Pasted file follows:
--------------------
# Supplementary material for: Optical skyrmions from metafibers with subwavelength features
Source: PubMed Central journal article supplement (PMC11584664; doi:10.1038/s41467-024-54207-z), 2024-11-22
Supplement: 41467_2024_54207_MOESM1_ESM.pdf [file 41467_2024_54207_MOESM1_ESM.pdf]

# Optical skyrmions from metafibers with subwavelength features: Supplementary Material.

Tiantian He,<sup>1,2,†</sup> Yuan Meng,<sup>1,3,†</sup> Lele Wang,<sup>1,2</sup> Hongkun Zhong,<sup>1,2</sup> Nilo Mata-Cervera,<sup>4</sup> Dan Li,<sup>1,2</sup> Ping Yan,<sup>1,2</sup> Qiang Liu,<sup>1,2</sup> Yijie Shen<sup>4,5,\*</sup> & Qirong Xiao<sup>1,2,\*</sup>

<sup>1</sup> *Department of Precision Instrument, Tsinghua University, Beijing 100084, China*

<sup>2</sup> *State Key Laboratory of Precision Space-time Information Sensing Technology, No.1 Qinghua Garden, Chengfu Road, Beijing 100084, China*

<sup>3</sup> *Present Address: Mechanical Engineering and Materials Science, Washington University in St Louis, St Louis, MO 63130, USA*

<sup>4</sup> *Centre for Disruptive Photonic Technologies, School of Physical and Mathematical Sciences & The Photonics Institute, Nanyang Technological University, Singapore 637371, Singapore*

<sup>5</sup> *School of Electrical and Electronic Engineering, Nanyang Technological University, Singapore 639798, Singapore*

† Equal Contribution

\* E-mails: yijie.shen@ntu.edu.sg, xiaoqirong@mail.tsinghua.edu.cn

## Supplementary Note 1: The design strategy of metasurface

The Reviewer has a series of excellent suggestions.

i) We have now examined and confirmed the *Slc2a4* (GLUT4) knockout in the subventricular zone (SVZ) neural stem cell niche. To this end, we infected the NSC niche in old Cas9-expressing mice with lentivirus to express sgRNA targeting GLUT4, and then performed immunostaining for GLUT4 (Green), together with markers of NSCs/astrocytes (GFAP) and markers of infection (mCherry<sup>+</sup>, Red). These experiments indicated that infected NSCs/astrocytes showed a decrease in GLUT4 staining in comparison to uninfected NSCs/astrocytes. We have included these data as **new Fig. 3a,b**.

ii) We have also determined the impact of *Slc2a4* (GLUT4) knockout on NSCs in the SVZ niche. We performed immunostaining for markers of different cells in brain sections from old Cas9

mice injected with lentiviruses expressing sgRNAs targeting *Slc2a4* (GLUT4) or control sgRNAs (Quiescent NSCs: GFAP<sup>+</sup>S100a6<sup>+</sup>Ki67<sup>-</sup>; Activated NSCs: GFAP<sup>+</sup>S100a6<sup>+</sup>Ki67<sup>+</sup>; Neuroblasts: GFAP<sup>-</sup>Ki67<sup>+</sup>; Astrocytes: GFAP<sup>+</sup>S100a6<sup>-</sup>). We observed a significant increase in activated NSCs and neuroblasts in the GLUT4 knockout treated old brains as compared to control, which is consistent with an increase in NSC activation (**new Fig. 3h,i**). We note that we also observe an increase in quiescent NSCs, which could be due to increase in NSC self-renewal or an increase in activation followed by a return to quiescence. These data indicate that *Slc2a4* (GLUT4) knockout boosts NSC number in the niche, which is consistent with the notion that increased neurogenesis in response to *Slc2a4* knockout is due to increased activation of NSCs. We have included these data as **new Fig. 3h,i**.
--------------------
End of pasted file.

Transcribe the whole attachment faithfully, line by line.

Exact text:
# Supplementary material for: Optical skyrmions from metafibers with subwavelength features
Source: PubMed Central journal article supplement (PMC11584664; doi:10.1038/s41467-024-54207-z), 2024-11-22
Supplement: 41467_2024_54207_MOESM1_ESM.pdf [file 41467_2024_54207_MOESM1_ESM.pdf]

# Optical skyrmions from metafibers with subwavelength features: Supplementary Material.

Tiantian He,<sup>1,2,†</sup> Yuan Meng,<sup>1,3,†</sup> Lele Wang,<sup>1,2</sup> Hongkun Zhong,<sup>1,2</sup> Nilo Mata-Cervera,<sup>4</sup> Dan Li,<sup>1,2</sup> Ping Yan,<sup>1,2</sup> Qiang Liu,<sup>1,2</sup> Yijie Shen<sup>4,5,\*</sup> & Qirong Xiao<sup>1,2,\*</sup>

<sup>1</sup> *Department of Precision Instrument, Tsinghua University, Beijing 100084, China*

<sup>2</sup> *State Key Laboratory of Precision Space-time Information Sensing Technology, No.1 Qinghua Garden, Chengfu Road, Beijing 100084, China*

<sup>3</sup> *Present Address: Mechanical Engineering and Materials Science, Washington University in St Louis, St Louis, MO 63130, USA*

<sup>4</sup> *Centre for Disruptive Photonic Technologies, School of Physical and Mathematical Sciences & The Photonics Institute, Nanyang Technological University, Singapore 637371, Singapore*

<sup>5</sup> *School of Electrical and Electronic Engineering, Nanyang Technological University, Singapore 639798, Singapore*

† Equal Contribution

\* E-mails: yijie.shen@ntu.edu.sg, xiaoqirong@mail.tsinghua.edu.cn

## Supplementary Note 1: The design strategy of metasurface

The Reviewer has a series of excellent suggestions.

i) We have now examined and confirmed the *Slc2a4* (GLUT4) knockout in the subventricular zone (SVZ) neural stem cell niche. To this end, we infected the NSC niche in old Cas9-expressing mice with lentivirus to express sgRNA targeting GLUT4, and then performed immunostaining for GLUT4 (Green), together with markers of NSCs/astrocytes (GFAP) and markers of infection (mCherry<sup>+</sup>, Red). These experiments indicated that infected NSCs/astrocytes showed a decrease in GLUT4 staining in comparison to uninfected NSCs/astrocytes. We have included these data as **new Fig. 3a,b**.

ii) We have also determined the impact of *Slc2a4* (GLUT4) knockout on NSCs in the SVZ niche. We performed immunostaining for markers of different cells in brain sections from old Cas9

mice injected with lentiviruses expressing sgRNAs targeting *Slc2a4* (GLUT4) or control sgRNAs (Quiescent NSCs: GFAP<sup>+</sup>S100a6<sup>+</sup>Ki67<sup>-</sup>; Activated NSCs: GFAP<sup>+</sup>S100a6<sup>+</sup>Ki67<sup>+</sup>; Neuroblasts: GFAP<sup>-</sup>Ki67<sup>+</sup>; Astrocytes: GFAP<sup>+</sup>S100a6<sup>-</sup>). We observed a significant increase in activated NSCs and neuroblasts in the GLUT4 knockout treated old brains as compared to control, which is consistent with an increase in NSC activation (**new Fig. 3h,i**). We note that we also observe an increase in quiescent NSCs, which could be due to increase in NSC self-renewal or an increase in activation followed by a return to quiescence. These data indicate that *Slc2a4* (GLUT4) knockout boosts NSC number in the niche, which is consistent with the notion that increased neurogenesis in response to *Slc2a4* knockout is due to increased activation of NSCs. We have included these data as **new Fig. 3h,i**.